PUBLIC Speaking: From Berlin to the World – What can we learn from one city’s booming sustainable fashion industry?

I recently decided to make an effort to buy only sustainable apparel, meaning apparel that satisfies one or more of the following criteria: fairly traded, not mass-produced, has zero waste, is locally made, uses organic or recycled fabrics, is upcycled or repurposed, and/or is natural and uses non-toxic dyes.

And what sparked my decision? I was alarmed by the impact the mainstream global fashion industry has on the environment and people around the world. In particular, the fashion industry is recognized as one of the world’s biggest polluters, after industrial agriculture, electricity and heat production, and transportation. Related to this:

  • Cotton is responsible for 2.6% of global water use, and it is in nearly 40% of our clothing. Furthermore, an estimated 17% to 20% of industrial water pollution comes from textile dyeing and treatment.
  • 60 million people globally work in the fashion industry, with the majority in developing countries, where hourly wages in garment factories are often around 60 cents, not to mention the harsh working conditions workers are subjected to.
  • At home, it’s not much better. In a single year, Canada produces enough textile waste to create a mountain three times the size of Toronto’s Rogers Centre. Imagine the amount of waste happening on a global level.

Making a shift to eco-friendly apparel is crucial to reducing waste and protecting our environment. The chain of impact with clothing is long and purchasing sustainable fashion sends a message that you care about who is making your clothes and the environmental footprint.

A staggering 85% of Canadian clothes end up in landfill, but this is only the end result. From the farmer planting the materials to the worker making your clothes, fast fashion is quickly becoming an environmental and human rights disaster.

However, driving change is not easy for the average consumer. Since my decision, I’ve realized what a surprisingly challenging task it has been and how much research, patience, and readiness to ‘break up’ with the majority of well-known brands it actually requires.

Over the holidays, I took a trip to Berlin and set out on a mission to see how easy it would be to track down an eco-friendly pair of boots. I was pleasantly surprised to discover that Berlin has a flourishing sustainable fashion industry. When I initially took my search online, I instantly found options to book a guided green fashion tour and download a map in my selected language listing conscious retailers. Berlin is an international powerhouse of sustainable fashion and there are a number of indicators that illustrate this. Here are a few:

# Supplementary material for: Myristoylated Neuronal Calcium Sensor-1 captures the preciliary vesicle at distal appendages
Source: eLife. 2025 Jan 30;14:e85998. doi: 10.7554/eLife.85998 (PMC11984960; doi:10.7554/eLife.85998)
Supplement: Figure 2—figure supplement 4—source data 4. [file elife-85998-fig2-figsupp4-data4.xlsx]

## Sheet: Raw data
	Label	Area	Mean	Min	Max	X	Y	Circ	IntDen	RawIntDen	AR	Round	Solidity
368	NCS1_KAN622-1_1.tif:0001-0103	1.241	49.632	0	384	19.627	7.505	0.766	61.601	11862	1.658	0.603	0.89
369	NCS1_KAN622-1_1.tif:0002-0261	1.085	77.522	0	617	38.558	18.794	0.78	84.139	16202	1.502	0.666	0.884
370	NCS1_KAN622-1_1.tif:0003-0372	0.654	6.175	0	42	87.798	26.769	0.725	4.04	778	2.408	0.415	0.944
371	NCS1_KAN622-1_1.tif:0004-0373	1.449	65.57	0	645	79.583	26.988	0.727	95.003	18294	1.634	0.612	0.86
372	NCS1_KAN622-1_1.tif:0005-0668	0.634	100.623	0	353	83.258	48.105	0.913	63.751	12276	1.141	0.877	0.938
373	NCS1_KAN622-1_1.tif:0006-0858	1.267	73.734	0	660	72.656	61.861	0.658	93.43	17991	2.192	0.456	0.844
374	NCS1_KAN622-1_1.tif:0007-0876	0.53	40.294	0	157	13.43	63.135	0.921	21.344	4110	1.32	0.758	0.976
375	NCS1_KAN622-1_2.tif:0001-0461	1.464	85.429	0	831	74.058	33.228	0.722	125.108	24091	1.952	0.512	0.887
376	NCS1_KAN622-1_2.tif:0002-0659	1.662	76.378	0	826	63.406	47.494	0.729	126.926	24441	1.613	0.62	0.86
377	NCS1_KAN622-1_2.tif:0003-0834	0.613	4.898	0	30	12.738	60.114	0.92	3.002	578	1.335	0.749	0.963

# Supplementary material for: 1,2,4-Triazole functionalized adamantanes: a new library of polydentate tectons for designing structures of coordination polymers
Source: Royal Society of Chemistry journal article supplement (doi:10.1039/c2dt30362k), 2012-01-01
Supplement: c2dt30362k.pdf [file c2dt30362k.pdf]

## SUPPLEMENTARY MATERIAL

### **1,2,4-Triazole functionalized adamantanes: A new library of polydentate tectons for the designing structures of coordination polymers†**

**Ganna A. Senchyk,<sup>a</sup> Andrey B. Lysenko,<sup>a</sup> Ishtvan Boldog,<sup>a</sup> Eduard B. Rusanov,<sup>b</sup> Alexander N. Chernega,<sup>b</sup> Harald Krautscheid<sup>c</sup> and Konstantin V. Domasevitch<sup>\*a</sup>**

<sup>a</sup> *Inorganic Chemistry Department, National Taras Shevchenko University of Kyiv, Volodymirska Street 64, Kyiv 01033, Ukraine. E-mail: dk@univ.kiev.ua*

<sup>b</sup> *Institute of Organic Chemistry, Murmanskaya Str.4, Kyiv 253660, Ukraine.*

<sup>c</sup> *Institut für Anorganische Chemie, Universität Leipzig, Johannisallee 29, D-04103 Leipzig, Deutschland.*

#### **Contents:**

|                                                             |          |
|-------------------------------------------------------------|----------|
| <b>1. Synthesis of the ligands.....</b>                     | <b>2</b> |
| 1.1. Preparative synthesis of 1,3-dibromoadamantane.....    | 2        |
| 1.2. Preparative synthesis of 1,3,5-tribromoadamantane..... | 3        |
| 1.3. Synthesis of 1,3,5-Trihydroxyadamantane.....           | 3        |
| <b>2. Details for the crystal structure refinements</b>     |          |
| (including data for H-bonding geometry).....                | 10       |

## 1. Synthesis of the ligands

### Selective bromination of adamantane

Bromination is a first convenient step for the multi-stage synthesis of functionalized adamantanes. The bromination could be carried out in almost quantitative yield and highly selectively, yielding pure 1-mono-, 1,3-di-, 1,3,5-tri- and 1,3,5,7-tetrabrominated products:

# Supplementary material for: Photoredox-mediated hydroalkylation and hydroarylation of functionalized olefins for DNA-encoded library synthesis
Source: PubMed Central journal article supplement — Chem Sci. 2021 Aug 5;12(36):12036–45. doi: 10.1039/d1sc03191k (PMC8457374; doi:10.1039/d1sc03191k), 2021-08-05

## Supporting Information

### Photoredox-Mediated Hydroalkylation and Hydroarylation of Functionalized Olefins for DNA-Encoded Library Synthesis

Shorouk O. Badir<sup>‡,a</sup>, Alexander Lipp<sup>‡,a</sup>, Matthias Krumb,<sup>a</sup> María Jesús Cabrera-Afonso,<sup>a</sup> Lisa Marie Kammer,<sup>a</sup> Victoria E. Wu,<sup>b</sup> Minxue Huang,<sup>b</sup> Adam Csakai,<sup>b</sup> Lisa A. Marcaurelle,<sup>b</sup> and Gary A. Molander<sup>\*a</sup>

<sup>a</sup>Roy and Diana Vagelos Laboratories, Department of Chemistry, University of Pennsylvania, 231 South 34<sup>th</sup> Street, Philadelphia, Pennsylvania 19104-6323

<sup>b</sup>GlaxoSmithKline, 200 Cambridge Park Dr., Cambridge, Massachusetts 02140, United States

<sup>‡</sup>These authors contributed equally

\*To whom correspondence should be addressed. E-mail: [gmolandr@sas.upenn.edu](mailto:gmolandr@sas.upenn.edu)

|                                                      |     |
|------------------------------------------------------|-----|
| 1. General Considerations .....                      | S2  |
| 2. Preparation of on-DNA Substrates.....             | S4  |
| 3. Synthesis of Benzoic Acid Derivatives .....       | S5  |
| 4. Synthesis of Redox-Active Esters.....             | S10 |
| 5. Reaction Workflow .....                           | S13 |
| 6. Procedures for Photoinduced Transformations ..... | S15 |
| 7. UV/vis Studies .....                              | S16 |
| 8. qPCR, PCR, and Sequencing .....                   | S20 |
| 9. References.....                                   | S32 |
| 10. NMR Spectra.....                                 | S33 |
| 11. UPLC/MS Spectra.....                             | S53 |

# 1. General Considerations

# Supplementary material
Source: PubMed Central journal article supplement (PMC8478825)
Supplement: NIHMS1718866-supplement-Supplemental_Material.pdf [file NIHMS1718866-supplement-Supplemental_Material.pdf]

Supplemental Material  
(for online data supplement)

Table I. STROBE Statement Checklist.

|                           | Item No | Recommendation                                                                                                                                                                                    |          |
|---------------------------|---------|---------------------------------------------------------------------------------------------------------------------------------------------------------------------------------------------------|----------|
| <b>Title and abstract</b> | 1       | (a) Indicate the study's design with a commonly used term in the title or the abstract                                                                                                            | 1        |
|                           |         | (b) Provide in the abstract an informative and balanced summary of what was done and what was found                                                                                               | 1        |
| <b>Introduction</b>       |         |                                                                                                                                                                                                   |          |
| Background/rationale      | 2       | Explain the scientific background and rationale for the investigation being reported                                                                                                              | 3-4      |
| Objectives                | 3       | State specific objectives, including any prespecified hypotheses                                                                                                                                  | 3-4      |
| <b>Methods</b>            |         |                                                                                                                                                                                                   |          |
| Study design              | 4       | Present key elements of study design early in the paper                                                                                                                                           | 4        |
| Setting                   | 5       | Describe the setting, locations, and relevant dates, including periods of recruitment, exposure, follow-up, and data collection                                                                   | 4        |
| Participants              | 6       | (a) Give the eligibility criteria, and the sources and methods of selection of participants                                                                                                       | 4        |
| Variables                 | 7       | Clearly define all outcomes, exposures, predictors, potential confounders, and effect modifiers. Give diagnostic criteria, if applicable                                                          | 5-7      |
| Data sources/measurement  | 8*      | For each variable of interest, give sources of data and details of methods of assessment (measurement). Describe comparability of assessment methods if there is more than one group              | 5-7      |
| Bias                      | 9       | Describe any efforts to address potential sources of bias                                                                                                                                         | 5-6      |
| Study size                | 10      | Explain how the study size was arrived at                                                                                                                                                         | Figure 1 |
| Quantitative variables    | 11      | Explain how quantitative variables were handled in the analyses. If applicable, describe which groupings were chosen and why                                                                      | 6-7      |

• Integration: Berlin hosts two sustainable fashion events as a part of the Berlin Fashion Week: ‘Green Showroom’ and ‘Ethical Fashion Show’, with the latter having just celebrated its 10th anniversary. The two events attracted 30 nations, representing every continent, last year.
  • Socialization: The city has a growing network of sustainable fashion professionals and leaders within the industry host events for Berlin-based upcycling and sustainable fashion businesses to discuss alternative fashion and inspire sustainable purchasing habits (e.g., NOVEAUX Magazine, Sustainability Drinks event)
  • Accessibility: It is very easy to shop sustainably in Berlin. Most of the conscious fashion stores are located relatively close to the Berlin city centre, and there are also multi-brand shops.
  • Diversity of choice: Sustainable apparel in Berlin is beautiful, and what’s better is that it comes in different colours, forms, and shapes. No sacrifice is needed.
  • Price: The prices of sustainable apparel are comparable to many high-quality brands that will serve you for years.

After coming home, I’ve been thinking – what would it take to build a flourishing, sustainable fashion industry in Canada and what can we learn from a city like Berlin?

The good news: Canada has what it takes to become a North American centre for sustainable fashion. The social entrepreneurship scene and fashion networks are growing (e.g., Fashion Takes Action movement, The Fashion Design Council of Canada, the Toronto Fashion Incubator, to name a few). Canada has fashion and design schools, and its own fashion shows – the Design Forward runway show and annual Toronto Fashion Week that is back on track, despite financial difficulties. We have brands like Preloved, that have scaled globally over the last few years. What is needed is more awareness of the fast fashion issues, governmental support of fashion events and local designers, and eco-conscious fashion boutiques.

So the next time you go shopping, here is a list of Canadian sustainable designers to visit:

And don’t forget, you can also buy vintage or second-hand clothing. Reduce, reuse, recycle! :-)

Olga Bratsun is a Business Development Manager at PUBLIC Inc.

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